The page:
You should not consider 1I / Oumuamua a special guest

You should not consider 1I / Oumuamua a special guest

Artistic vision 1I / Oumuamua - the first interstellar object in the solar system

Cigar-like space rock 1I / Oumuamua caused a real stir, becoming the first interstellar visitor found in the solar system. But what is it? An asteroid, a comet or an alien space ship? Astronomers are still looking for an answer, but for now, one thing can be clearly said: there is nothing special about it.

Chances are high that trillions of similar objects drift along the Milky Way. And more precisely, their 10 26. Although 1I / Oumuamua is considered the first guest, scientists note that such interstellar objects should not be taken as a rare phenomenon. Probably the catch is that we did not look for them earlier with great zeal.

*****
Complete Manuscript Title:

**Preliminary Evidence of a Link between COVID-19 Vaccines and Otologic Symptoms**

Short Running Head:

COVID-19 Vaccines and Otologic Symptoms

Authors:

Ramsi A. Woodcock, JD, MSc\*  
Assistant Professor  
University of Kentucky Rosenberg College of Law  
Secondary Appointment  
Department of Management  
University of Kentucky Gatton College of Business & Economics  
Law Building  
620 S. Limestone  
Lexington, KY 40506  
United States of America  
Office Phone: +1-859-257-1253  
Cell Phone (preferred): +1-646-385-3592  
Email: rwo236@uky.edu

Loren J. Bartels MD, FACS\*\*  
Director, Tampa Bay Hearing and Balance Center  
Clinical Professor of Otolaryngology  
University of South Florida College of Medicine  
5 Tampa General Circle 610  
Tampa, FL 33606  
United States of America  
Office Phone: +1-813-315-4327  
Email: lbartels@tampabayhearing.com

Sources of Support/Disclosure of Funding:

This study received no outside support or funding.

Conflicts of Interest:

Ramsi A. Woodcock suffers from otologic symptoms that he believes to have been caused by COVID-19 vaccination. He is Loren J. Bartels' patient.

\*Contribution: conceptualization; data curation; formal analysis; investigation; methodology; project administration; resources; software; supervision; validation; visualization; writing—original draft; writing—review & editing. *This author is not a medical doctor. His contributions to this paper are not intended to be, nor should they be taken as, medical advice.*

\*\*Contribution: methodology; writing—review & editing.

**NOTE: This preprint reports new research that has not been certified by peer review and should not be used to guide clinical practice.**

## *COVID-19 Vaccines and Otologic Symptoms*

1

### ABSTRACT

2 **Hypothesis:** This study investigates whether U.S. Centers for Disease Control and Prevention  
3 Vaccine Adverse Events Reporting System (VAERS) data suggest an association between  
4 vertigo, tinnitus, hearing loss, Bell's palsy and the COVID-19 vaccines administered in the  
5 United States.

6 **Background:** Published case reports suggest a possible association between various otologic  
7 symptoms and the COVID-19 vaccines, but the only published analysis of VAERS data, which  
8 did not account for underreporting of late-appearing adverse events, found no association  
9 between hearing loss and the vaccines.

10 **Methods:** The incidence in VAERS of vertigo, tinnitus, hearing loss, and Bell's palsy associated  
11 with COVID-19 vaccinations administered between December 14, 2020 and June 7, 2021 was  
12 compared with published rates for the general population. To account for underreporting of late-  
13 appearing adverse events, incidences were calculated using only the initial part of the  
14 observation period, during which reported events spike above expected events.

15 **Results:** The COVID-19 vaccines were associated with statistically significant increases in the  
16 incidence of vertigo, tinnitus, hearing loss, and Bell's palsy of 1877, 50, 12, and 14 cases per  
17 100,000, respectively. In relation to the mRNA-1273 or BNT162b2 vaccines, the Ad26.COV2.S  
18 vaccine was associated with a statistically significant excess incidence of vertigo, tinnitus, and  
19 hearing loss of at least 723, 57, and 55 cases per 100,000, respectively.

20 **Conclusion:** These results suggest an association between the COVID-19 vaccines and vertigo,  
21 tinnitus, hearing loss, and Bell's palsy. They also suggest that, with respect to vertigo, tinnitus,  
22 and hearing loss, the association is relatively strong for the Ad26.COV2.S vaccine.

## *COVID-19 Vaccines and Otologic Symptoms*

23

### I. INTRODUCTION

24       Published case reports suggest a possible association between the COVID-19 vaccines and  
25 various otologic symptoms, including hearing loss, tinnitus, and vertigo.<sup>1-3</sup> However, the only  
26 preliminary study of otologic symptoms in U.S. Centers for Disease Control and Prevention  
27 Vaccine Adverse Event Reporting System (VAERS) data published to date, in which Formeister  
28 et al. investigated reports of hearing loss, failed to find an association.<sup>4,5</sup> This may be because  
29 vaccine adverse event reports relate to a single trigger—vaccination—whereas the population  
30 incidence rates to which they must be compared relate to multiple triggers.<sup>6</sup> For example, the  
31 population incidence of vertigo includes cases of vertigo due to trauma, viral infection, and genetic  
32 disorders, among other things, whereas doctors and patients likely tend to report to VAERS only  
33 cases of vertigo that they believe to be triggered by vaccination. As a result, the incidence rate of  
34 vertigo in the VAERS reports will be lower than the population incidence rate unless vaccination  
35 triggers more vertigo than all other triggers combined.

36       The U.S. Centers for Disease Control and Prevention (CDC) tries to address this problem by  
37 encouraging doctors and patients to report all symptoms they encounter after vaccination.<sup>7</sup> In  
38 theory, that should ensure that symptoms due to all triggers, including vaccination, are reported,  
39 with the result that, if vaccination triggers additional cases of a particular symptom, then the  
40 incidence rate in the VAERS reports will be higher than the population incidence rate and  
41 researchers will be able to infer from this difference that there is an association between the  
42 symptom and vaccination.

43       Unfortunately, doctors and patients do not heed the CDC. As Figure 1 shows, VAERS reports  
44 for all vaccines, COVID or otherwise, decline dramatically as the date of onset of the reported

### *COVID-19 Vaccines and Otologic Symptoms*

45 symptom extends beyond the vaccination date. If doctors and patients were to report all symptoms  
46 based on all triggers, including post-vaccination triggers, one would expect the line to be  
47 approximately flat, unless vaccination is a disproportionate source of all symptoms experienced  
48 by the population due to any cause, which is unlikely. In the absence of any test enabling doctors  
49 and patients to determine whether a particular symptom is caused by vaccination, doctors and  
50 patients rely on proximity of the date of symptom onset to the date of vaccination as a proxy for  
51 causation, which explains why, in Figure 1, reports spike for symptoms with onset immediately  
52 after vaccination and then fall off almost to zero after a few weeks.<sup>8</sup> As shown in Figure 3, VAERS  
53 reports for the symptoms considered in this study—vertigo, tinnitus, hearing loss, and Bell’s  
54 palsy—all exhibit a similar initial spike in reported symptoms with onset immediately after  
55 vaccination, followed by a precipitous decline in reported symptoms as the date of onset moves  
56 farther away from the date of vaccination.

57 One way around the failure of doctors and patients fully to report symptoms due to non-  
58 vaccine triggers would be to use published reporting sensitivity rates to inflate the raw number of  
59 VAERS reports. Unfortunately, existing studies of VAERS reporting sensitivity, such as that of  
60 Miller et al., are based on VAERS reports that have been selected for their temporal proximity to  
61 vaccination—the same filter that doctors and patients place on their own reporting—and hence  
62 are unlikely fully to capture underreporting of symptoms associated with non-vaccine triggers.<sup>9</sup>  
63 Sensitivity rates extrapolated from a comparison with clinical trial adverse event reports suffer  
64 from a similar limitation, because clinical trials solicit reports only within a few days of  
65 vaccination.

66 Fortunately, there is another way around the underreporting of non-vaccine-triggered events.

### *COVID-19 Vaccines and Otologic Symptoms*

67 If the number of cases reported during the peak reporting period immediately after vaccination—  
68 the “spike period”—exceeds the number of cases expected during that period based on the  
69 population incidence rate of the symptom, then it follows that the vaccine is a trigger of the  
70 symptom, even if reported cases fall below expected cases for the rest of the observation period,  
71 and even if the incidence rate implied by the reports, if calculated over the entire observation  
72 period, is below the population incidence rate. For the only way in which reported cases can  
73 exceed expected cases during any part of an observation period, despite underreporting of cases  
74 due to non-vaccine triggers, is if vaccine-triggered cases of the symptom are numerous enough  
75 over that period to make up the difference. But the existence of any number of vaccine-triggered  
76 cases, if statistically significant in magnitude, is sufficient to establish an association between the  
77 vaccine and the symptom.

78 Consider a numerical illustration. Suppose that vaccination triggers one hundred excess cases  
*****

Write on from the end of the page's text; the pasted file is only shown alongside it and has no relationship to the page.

In a new study from Harvard University, it is believed that about two similar celestial bodies pass by the Sun every year. They also offer a new way to analyze the composition and origin of Oumuamua through comparing the object with other comets and asteroids in our system. Given the estimated density of interstellar comets, the researchers found that similar 1I / Oumuamua objects collide with our star every 30 years, and somewhere two celestial bodies end up in Mercury orbit every year.

September 9, 2016, our guest approached 0.26 a. e. to the sun. Using the Pan-STARRS 1 telescope (looking for potentially dangerous asteroids) in Hawaii, it was found a month after approaching the Earth. The rock received a Hawaiian name, which translates as “scout”. Astronomers have yet to deal with the exact nature, since the characteristics converge with comets and asteroids.

To become an interstellar traveler, an object must be ejected from its native star system, receiving gravitational amplification from a giant gas planet, like Jupiter, Saturn, Uranus and Neptune.

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